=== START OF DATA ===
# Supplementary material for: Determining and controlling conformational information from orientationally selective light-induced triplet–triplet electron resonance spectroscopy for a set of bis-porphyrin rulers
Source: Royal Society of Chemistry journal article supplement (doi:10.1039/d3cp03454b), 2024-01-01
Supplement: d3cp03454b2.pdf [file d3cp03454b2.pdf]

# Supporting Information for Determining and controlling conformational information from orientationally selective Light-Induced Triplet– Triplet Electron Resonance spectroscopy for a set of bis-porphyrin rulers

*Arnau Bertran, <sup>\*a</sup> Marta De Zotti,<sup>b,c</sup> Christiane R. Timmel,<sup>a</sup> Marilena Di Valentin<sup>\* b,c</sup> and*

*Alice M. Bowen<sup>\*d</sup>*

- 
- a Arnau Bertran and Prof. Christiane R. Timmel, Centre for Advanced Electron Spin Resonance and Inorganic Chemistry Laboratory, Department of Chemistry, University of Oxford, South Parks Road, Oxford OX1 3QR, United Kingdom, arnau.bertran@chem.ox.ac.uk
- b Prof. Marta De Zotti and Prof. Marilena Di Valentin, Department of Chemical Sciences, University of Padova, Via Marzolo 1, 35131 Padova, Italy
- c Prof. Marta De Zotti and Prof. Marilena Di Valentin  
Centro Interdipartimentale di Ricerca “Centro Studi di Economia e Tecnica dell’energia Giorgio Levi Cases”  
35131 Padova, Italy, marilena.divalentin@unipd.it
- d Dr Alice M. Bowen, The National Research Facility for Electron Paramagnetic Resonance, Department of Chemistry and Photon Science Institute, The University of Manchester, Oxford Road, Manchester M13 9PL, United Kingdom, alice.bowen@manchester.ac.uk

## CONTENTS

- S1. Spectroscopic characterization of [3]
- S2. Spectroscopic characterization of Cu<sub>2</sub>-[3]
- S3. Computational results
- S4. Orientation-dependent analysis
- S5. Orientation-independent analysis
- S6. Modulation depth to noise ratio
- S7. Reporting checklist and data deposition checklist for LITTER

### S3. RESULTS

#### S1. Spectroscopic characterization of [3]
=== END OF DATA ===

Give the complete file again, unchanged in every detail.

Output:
# Supplementary material for: Determining and controlling conformational information from orientationally selective light-induced triplet–triplet electron resonance spectroscopy for a set of bis-porphyrin rulers
Source: Royal Society of Chemistry journal article supplement (doi:10.1039/d3cp03454b), 2024-01-01
Supplement: d3cp03454b2.pdf [file d3cp03454b2.pdf]

# Supporting Information for Determining and controlling conformational information from orientationally selective Light-Induced Triplet– Triplet Electron Resonance spectroscopy for a set of bis-porphyrin rulers

*Arnau Bertran, <sup>\*a</sup> Marta De Zotti,<sup>b,c</sup> Christiane R. Timmel,<sup>a</sup> Marilena Di Valentin<sup>\* b,c</sup> and*

*Alice M. Bowen<sup>\*d</sup>*

- 
- a Arnau Bertran and Prof. Christiane R. Timmel, Centre for Advanced Electron Spin Resonance and Inorganic Chemistry Laboratory, Department of Chemistry, University of Oxford, South Parks Road, Oxford OX1 3QR, United Kingdom, arnau.bertran@chem.ox.ac.uk
- b Prof. Marta De Zotti and Prof. Marilena Di Valentin, Department of Chemical Sciences, University of Padova, Via Marzolo 1, 35131 Padova, Italy
- c Prof. Marta De Zotti and Prof. Marilena Di Valentin  
Centro Interdipartimentale di Ricerca “Centro Studi di Economia e Tecnica dell’energia Giorgio Levi Cases”  
35131 Padova, Italy, marilena.divalentin@unipd.it
- d Dr Alice M. Bowen, The National Research Facility for Electron Paramagnetic Resonance, Department of Chemistry and Photon Science Institute, The University of Manchester, Oxford Road, Manchester M13 9PL, United Kingdom, alice.bowen@manchester.ac.uk

## CONTENTS

- S1. Spectroscopic characterization of [3]
- S2. Spectroscopic characterization of Cu<sub>2</sub>-[3]
- S3. Computational results
- S4. Orientation-dependent analysis
- S5. Orientation-independent analysis
- S6. Modulation depth to noise ratio
- S7. Reporting checklist and data deposition checklist for LITTER

### S3. RESULTS

#### S1. Spectroscopic characterization of [3]